Every time you turn on the news, it seems like there’s another headline about teens and the dangers of vaping. And there’s a reason to be concerned: According to the CDC, nearly 5 percent of middle schoolers and 20 percent of high schoolers use electronic cigarettes regularly. Perhaps this comes as no surprise, considering the variety of sweet flavors (like apple pie and watermelon) and easy-to-hide devices.
While Juul (one of the most popular makers of e-cigarettes) now brands itself as “the alternative for adult smokers,” researchers at Stanford University’s Research into the Impact of Tobacco Advertising found that “Juul’s advertising imagery in its first six months on the market was patently youth-oriented.” For some, it may have less to do with ads and more who they’re seeing vape. When we talked to a 16-year-old from North Carolina who’d been vaping since seventh grade, he said he started after seeing influencers do it on social media. “It looked cool,” he told us. “The thing that draws me most to it are the different flavors of each vape and the effects of the nicotine.” (More on that below.) So what’s a parent to do if they suspect or know that their child is vaping? We tapped Caroline Fenkel, who holds a doctorate in clinical social work and is the executive director at teen rehab center Newport Academy, for her expert advice.
Wait, what is vaping exactly?
Vaping refers to the practice of using e-cigarettes (i.e., battery-operated devices that look like pens, USB drives or real cigarettes). While there are hundreds of brands on the market, they pretty much all work in the same way. The devices are filled with liquid that’s usually a combination of nicotine, flavorings and other chemicals. This liquid is heated and turned into vapor that is inhaled when you take a drag.
Got it. And what are some signs that my kid might be vaping?
Per Fenkel, here are some potential clues that your child is using e-cigarettes:
- Increased thirst: Vaping removes hydration from the skin and mouth, so if your child is heavily increasing their liquid consumption, they may be vaping.
- Nosebleeds: The dehydration from vaping can lead to nosebleeds.
- Acne: An increase in bad breakouts could be the result of the nicotine in e-cigarettes.
My teen is definitely vaping. What should I do?
We get it: Finding out that your kid is engaged in a harmful activity is definitely a freak-out moment. But it’s important to keep your cool, say experts. “Stay calm and educate them on the dangers of the ingredients used and vaping itself,” advises Fenkel. Don’t lecture or panic—instead try to educate and share your concerns. “Ask questions and create an open dialogue,” she says. By creating a safe space for your child to talk, you can work together. And most important, you can assess whether or not your teen has a nicotine addiction and research appropriate resources for treatment.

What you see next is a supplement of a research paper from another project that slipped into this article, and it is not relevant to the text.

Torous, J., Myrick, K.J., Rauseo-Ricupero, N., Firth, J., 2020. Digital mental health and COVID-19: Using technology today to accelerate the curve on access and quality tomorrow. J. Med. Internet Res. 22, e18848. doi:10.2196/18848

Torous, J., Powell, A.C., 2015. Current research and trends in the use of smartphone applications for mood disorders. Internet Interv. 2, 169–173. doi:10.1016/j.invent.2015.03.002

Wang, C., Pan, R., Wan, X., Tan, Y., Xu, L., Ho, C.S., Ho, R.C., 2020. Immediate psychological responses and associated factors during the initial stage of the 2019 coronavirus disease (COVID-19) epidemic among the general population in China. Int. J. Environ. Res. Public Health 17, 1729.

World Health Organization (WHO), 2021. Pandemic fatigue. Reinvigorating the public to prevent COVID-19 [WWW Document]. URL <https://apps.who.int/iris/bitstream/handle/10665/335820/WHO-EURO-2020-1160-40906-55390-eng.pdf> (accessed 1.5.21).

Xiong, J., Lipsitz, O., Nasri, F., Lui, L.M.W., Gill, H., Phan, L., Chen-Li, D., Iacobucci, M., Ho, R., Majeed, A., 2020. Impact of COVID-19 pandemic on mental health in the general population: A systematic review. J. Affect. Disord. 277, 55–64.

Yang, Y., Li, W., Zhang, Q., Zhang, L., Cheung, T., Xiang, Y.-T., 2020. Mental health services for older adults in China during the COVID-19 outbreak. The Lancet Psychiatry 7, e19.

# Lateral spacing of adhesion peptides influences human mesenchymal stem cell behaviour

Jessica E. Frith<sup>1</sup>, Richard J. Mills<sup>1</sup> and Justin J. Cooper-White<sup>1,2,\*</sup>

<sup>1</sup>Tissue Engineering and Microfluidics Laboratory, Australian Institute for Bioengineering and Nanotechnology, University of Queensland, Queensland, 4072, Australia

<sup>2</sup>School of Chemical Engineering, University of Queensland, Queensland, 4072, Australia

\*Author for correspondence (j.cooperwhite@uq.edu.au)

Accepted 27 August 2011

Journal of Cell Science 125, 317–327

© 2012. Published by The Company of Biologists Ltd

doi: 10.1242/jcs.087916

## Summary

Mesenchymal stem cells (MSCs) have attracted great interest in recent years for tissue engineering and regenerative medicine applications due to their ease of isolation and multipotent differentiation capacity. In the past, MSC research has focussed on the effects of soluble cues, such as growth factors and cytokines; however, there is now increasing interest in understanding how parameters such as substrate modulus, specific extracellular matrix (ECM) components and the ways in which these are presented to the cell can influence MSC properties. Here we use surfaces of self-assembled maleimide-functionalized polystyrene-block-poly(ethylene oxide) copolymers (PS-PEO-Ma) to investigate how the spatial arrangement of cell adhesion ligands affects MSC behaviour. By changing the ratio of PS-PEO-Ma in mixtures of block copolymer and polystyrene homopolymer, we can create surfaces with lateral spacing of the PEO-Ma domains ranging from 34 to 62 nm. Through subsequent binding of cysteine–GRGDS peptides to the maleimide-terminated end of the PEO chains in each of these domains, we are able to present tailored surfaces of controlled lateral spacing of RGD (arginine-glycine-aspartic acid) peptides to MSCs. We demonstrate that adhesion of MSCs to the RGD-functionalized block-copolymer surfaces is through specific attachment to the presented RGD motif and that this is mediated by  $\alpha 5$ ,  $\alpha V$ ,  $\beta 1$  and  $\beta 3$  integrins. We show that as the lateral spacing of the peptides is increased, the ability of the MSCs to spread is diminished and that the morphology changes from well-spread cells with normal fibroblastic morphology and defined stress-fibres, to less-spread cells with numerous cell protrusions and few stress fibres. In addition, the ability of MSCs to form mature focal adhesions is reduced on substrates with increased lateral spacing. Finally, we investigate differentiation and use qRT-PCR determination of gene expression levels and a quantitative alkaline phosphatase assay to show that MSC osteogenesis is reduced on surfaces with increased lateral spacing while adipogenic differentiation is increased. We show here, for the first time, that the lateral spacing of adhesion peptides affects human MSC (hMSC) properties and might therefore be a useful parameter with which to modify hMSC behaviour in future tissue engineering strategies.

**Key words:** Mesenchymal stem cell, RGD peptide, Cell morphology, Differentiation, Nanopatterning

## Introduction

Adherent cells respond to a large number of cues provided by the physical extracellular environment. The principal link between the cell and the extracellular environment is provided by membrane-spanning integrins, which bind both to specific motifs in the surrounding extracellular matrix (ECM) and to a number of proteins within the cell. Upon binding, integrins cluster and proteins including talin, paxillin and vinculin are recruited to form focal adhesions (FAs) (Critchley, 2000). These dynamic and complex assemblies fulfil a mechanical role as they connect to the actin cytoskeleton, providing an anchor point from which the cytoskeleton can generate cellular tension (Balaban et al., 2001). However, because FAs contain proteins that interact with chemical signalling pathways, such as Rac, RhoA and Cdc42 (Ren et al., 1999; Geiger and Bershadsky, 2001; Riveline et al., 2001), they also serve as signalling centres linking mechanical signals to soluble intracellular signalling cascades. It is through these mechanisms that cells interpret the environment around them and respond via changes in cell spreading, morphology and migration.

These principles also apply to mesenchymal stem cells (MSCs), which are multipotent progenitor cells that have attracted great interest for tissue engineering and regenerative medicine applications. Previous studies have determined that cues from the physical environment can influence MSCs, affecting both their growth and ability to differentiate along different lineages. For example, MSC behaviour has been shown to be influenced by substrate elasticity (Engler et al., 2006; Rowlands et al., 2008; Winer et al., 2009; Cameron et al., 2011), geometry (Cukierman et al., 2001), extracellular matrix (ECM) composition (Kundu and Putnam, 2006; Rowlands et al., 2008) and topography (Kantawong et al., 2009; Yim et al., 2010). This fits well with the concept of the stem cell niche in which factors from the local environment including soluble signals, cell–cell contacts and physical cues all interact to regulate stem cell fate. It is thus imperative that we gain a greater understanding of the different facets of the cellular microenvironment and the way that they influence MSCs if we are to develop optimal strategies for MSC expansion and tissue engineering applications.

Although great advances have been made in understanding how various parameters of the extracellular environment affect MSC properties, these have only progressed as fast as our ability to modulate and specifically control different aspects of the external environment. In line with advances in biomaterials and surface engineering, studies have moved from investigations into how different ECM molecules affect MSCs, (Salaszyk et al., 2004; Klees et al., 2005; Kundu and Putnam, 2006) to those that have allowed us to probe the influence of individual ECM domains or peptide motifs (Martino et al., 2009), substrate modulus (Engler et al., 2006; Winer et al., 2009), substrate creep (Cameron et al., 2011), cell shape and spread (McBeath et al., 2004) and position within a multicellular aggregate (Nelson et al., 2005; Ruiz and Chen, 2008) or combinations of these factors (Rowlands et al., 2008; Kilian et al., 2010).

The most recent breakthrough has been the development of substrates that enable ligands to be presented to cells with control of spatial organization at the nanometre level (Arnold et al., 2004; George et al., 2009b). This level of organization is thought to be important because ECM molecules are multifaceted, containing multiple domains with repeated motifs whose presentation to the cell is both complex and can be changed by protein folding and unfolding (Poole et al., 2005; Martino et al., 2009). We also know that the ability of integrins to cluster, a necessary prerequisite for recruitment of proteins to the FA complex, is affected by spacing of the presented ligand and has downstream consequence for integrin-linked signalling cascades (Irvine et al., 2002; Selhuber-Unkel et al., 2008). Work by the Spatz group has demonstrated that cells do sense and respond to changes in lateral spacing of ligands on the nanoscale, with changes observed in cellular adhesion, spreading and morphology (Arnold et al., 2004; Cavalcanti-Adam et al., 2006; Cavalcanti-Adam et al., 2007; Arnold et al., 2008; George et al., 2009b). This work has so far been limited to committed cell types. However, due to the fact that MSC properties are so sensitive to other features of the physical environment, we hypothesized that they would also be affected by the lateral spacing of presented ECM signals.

What should I not do?
Lose your temper. Think about it this way: When you were a teenager and your parents got mad or forbade you to do something, what did you do? Well, exactly. “Often teens will want to rebel and do the opposite of what their parents want them to do,” says Fenkel. That’s why staying calm is key when talking to your child about e-cigarettes (or anything else for that matter).
So what exactly are the dangers of vaping?
Most e-cigarettes contain nicotine, a highly addictive chemical. And that’s not all—some brands use other chemicals like formaldehyde and diacetyl, which are linked to cancer and lung disease. “The developing brains of children and teens are particularly vulnerable to nicotine, which is why the growing popularity of e-cigarettes among adolescents is so alarming and dangerous to their long-term health,” says the American Academy of Pediatrics. Another concern? Despite its marketing as a tool for helping smokers quit, e-cigarette use among teens is actually associated with a higher likelihood of using regular tobacco and lower rates of smoking cessation, according to the research organization RAND Corporation.
Anything else I should know?
If possible, start educating your kids at a young age before they’re exposed to vaping at school or among peers. “Keep the lines of communication open and ask what they’re seeing at school or among their friends,” says Fenkel. “Create an open dialogue where your child can confide in you.” That way, they’ll feel comfortable coming to you with questions or when there may be a problem.